Wednesday, May 15, 2013

Canada Geese Wreck Havok At Florissant Valley

Story and photos by James Hess
A Canada Goose quartet lounges over the doors to
Engineering on a cloudy day in late February. 



Wildlife and waterfowl are two things that go together, but mixing waterfowl and college campuses can create a stir of issues. At Florissant Valley, numerous groups of geese (sometimes two, sometimes eight or ten) have come together on campus grounds and more often where students regularly walk. Canada geese have been seen walking through campus walkways, campus gardens and even sitting atop buildings. Geese have even more recently been seen accompanied by little goslings on campus grounds. The fact that they are nesting creates more problems, since geese can be very aggressive when protecting their young. Wild geese, in particular, have been known to viciously attack humans when approaching too close to them. They attack even harder when humans venture too close to their goslings.
If that isn’t bad enough, they even feed where many students regular walk. Students Shannon Scurlock and Gwen Johnson, both attending Florissant Valley, were asked about the geese. “They are EVERYWHERE,” said student Shannon Scurlock. “Where I notice them is in the grassy areas near the main buildings, and even on top of the administration building.” Gwen Johnson has noticed the Missouri-native waterfowl wandering the campus herself. “I’ve seen them near the Math Building and by the Library,” commented Johnson. “I almost always see them on top of the buildings.”


Scurlock and Johnson both pointed out how aggressive they can be. While Johnson noted their hissing and their chasing after people, Scurlock pointed out that “they hiss and spread their wings to make themselves look bigger like they want to fight. I just keep walking and make eye contact with them.” When asked how many times they had seen that happen to people, Johnson stated that she had seen it happen to her friend at least three or five times. Scurlock on the other hand recalled a significant twenty to thirty instances of such behavior she has witnessed. Scurlock and Johnson expressed similar grave concern for the geese turning up at every corner on the campus. “It gets me on my toes” said a worried Scurlock “Because if I see more than geese than I’m taking a different way.” Johnson could not have agreed more: “It’s very scary,” she said, “not knowing whether or not they will attack you.”
The Missouri Department of Conservation reported a ten year increase in this State’s goose population from 30,000 in 2002 to about 65,000 in 2012. With that, many of these geese have started nesting in urban areas. Urban residents possess a huge risk when living near nests of Canada Geese.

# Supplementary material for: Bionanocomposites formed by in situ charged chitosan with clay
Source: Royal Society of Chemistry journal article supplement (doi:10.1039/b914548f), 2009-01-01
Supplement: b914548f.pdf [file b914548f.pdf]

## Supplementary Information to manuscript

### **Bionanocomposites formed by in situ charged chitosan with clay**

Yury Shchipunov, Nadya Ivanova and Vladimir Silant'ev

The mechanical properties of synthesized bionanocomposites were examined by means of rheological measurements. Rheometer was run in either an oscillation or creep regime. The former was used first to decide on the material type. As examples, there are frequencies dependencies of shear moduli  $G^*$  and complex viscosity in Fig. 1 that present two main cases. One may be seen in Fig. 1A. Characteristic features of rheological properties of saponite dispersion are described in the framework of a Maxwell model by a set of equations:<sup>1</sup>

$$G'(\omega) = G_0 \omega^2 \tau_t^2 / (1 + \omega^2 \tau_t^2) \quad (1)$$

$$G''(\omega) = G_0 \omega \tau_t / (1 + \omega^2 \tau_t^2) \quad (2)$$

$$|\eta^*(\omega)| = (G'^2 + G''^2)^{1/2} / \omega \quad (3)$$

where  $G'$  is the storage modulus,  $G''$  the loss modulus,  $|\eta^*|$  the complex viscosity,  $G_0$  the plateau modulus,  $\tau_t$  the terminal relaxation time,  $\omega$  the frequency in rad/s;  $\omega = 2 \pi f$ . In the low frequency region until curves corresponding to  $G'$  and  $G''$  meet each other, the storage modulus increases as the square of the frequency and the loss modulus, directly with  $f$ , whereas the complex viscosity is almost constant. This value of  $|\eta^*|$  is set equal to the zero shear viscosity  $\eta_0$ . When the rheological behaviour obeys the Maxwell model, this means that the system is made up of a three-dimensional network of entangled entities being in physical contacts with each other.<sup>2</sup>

This goose shows he is ready to attack
with a hiss at a passing student.
   
 
An officer with St. Louis Regional Office of the Conservation Department gave his take on issues with Canada Geese in Missouri. Records are not kept on how often geese attacks occur. “Geese do not normally intentionally attack humans as they are more likely to see a person than they are to attack you,” states the officer, who wishes his name not be mentioned. “Normally such attacks that occur are not when they are alone but if they are guarding their nest or their young”.  From one’s typical experience, they usually walk away from humans. Protection of their young would be the only motive for an attack. The officer then went on to give us some steps to avoid problems with geese such as further infestation.
“The best thing to do,” the officer had said, “would be to not make your area so attractive to geese. Well-manicured, fertilized lawns are perfect habitats for geese, but mainly if there are brushy areas or retention ponds lying around. So good landscaping practices such as proper fencing, and even though it looks pretty, it can be very inviting and welcoming to geese. They will come in and use that place for nesting, because a fertilized lawn provides plenty of nutrition for geese. Retention ponds even provide plenty of water to swim in, so the best thing to do is try to use good landscaping practices”.
The officer also went on to comment that the geese population has increased in the last four years because many people including urban area residents desire more golf course-like lawns and are building ponds that welcome wild geese.
We have some ways here to control geese flocking on college campus. We can make the grounds look beautiful, but we mustn’t go overboard in maintaining the landscape to a fresh country appearance. We humans and other animals love a natural look to the scenery, but it is when these three things clash together that problems arise.

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